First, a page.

• Be aware of how animals react to you.  Keep a distance of at least 5 meters (15 feet) away from them.
  • Some species will require a distance greater than 5 meters.  Please listen to your guide for any specific instructions.
  • Some animals might feel threatened if you are too near their nest.  Gently raise your hand up and back away if you sense an attack.
  • Never walk between a mother seal and her pup.
  • The environment is very unpredictable in terms of geography and weather.  There are sometimes hidden crevices.  
  • Do not enter a hut unless invited or unless there is an emergency.
  • Respect and appreciate the experience.  Listen to your guide.

Protections: The Antarctic Treaty

In 2009, the 50-year-old Antarctic Treaty was strengthened in response to several near-misses and the sinking of a ship in 2007 in Antarctica.  The signatories agreed that certain restrictions on tourism in Antarctica would hereby need to be reserved which included:

  • No ships with more than 500 people may go to a landing site.
  • Only one vessel may land at a time.
  • On-shore passengers must be restricted to no more than a maximum of 100 persons at a time.

Per the Antarctic Treaty and tourism requirements, there are additional restrictions regarding several activities.

Protections: Areas In And Near Designated Historic Sites And Monuments

  • Know the location of areas that have been afforded special protection and any restrictions regarding entry and activities that can be carried out in or near them.
  • Observe applicable restrictions
  • Do not damage, remove, or destroy Historic Sites or Monuments or any artifacts associated with them.

Stewardship: Antarctic Wildlife:

Please watch this three-minute video from IAATO explaining do’s, don’ts, and other tips for how one should behave during shore excursions on Antarctica: Going Ashore In Antartica

In general, when going ashore:

  • Make sure items are secured to your person.  Antarctica has some of the strongest winds on Earth so you do not want any litter to end up blowing away.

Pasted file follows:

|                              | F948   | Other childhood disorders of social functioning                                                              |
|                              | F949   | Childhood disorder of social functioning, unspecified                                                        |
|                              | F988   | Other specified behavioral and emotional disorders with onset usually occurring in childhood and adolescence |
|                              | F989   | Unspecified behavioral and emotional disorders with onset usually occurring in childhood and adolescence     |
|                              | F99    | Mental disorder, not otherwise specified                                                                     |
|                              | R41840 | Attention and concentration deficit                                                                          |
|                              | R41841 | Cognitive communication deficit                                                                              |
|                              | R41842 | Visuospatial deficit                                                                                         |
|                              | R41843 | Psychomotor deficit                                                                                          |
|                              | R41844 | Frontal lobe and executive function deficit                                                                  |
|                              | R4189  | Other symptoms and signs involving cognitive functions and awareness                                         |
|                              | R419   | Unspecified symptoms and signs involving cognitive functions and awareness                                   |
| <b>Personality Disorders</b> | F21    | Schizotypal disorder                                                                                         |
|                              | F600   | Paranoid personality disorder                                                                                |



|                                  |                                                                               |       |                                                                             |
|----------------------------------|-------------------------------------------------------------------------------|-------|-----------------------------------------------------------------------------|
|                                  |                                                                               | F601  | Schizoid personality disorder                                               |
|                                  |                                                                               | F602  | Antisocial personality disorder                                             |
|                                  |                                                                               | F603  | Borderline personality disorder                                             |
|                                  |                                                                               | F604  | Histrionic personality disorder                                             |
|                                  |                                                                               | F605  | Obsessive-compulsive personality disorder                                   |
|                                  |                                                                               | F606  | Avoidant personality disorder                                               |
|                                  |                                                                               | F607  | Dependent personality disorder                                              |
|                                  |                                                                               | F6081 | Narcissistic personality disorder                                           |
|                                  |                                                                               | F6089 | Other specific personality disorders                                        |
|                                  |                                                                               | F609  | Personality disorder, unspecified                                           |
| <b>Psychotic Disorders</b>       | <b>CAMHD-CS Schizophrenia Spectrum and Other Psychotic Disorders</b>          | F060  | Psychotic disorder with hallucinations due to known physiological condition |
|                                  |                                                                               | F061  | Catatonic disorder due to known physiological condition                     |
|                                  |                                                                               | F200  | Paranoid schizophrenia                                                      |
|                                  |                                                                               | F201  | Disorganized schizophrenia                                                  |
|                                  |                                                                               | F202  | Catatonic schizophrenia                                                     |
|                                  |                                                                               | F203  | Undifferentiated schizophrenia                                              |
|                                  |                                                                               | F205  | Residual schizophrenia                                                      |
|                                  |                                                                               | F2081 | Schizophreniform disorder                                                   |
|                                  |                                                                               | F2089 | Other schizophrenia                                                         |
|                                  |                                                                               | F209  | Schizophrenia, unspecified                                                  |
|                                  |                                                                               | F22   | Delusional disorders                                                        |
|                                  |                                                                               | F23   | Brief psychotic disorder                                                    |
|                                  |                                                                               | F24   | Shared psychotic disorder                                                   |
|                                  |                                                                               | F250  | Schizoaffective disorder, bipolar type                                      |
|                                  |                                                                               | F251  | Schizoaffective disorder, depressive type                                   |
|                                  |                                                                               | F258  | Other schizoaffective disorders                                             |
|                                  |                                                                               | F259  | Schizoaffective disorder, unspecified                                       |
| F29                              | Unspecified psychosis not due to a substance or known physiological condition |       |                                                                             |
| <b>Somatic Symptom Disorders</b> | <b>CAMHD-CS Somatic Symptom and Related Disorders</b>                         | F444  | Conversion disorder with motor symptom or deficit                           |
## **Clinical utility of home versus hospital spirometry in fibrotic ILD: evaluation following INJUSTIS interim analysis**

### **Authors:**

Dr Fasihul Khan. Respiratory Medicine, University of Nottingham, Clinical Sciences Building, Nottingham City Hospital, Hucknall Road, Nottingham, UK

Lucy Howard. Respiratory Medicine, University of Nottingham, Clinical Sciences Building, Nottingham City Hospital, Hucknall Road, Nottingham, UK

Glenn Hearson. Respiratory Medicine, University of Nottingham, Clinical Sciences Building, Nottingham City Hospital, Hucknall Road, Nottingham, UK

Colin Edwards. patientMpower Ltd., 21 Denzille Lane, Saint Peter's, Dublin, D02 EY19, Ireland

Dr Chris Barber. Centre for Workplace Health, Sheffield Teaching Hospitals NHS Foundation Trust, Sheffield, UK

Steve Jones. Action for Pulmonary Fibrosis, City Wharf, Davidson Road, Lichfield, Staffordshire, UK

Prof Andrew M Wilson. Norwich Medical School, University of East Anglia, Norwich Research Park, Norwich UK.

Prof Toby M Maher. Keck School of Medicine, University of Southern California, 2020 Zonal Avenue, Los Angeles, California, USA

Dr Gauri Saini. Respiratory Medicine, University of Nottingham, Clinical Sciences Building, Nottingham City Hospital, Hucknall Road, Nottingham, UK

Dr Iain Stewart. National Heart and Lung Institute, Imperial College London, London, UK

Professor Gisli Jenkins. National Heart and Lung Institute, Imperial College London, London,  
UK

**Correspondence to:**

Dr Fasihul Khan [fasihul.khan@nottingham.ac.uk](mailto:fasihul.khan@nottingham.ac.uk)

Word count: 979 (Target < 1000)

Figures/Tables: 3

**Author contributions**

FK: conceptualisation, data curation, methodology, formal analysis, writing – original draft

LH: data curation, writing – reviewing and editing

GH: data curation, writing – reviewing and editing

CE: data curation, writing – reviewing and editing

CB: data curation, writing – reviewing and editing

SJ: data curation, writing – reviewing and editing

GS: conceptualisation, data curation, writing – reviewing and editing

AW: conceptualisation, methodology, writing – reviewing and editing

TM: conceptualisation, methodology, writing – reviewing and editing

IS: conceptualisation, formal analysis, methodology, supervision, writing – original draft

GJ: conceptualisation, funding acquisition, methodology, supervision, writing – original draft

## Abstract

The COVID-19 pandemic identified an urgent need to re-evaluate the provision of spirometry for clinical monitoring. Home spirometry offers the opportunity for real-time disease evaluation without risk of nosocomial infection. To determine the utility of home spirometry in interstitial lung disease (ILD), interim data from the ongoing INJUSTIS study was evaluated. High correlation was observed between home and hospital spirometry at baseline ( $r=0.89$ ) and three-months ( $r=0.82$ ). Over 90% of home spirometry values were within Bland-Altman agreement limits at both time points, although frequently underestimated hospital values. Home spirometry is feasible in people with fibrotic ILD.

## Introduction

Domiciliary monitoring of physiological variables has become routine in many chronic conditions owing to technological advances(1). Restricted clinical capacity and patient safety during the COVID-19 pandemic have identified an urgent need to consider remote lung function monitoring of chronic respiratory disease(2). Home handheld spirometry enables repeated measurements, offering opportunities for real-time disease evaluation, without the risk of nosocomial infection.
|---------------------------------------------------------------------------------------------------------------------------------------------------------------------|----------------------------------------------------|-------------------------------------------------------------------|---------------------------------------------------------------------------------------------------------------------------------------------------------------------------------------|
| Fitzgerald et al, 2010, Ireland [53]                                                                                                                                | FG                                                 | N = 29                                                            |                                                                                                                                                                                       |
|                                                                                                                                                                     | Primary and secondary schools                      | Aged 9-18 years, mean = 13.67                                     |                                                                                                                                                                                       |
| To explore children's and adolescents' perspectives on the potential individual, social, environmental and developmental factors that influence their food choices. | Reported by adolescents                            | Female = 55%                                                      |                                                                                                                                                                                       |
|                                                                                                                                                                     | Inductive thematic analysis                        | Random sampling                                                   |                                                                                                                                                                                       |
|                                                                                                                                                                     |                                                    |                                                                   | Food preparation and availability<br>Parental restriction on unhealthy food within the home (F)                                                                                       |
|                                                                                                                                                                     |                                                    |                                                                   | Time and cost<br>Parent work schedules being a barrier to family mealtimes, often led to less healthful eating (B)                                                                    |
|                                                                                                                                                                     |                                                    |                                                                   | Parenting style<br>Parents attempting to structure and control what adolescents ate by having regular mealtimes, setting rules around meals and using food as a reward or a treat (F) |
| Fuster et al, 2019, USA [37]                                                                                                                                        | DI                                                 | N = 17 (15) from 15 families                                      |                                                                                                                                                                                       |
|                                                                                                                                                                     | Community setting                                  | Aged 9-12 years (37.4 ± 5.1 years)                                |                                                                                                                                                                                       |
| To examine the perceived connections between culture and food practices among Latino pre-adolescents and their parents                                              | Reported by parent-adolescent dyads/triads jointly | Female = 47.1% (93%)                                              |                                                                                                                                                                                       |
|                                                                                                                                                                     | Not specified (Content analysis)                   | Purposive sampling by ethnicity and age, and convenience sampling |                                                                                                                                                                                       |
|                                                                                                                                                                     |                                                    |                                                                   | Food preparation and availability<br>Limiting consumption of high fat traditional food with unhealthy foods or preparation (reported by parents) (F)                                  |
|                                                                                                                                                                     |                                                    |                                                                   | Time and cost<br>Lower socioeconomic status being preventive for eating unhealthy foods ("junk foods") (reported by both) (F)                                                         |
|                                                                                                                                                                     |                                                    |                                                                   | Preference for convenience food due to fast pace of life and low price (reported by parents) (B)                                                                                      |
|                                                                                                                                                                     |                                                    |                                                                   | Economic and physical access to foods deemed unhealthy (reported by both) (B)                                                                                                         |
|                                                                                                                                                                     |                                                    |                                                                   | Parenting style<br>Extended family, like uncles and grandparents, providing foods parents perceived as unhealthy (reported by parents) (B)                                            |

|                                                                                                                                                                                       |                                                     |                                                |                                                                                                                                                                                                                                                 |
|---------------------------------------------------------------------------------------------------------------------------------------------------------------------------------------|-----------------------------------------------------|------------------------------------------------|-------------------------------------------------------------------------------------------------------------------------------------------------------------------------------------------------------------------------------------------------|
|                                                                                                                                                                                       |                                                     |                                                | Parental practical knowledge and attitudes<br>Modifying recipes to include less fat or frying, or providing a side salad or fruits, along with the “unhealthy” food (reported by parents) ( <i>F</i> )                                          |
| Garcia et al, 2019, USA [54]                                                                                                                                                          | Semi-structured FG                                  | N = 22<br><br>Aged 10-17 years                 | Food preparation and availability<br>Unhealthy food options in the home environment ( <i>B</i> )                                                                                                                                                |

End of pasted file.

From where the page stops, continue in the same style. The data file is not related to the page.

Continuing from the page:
• Inspect and feel all your equipment to make sure everything is put on correctly
  • Never take any food ashore so to avoid the introduction of any non-native species.
  • Avoid walking on any vegetation

Stewardship: Respecting Scientific Research

  • Do not interfere with scientific research, facilities, or equipment.
  • Obtain permission before visiting Antarctic science and support facilities; reconfirm arrangements 24-72 hours before arrival, and comply with the rules regarding such visits.
  • Do not interfere with, or remove scientific equipment or marker posts, and do not disturb experimental study sites, field camps, or supplies.

Your Own Safety In Antarctica

  • Know your capabilities, the dangers posed by the Antarctic environment, and act accordingly. Plan activities with safety in mind at all times.
  • Keep a safe distance from all wildlife, both on land and at sea.
  • Take note of, and act on, the advice and instructions from your leaders; do not stray from your group.
  • Do not walk onto glaciers or large snowfields without the proper equipment and experience; there is a real danger of falling into hidden crevasses.
  • Do not expect a rescue service. Self-sufficiency is increased and risks reduced by sound planning, quality equipment, and trained personnel.
  • Do not enter emergency refuges (except in emergencies). If you use equipment or food from a refuge, inform the nearest research station or national authority once the emergency is over.
  • Respect any smoking restrictions, particularly around buildings, and take great care to safeguard against the danger of fire. This is a real hazard in the dry environment of Antarctica.

Stewardship: Keeping Antarctica Pristine

  • Antarctica remains relatively pristine, the largest wilderness area on Earth. It has not yet been subjected to large-scale human perturbations. Please keep it that way.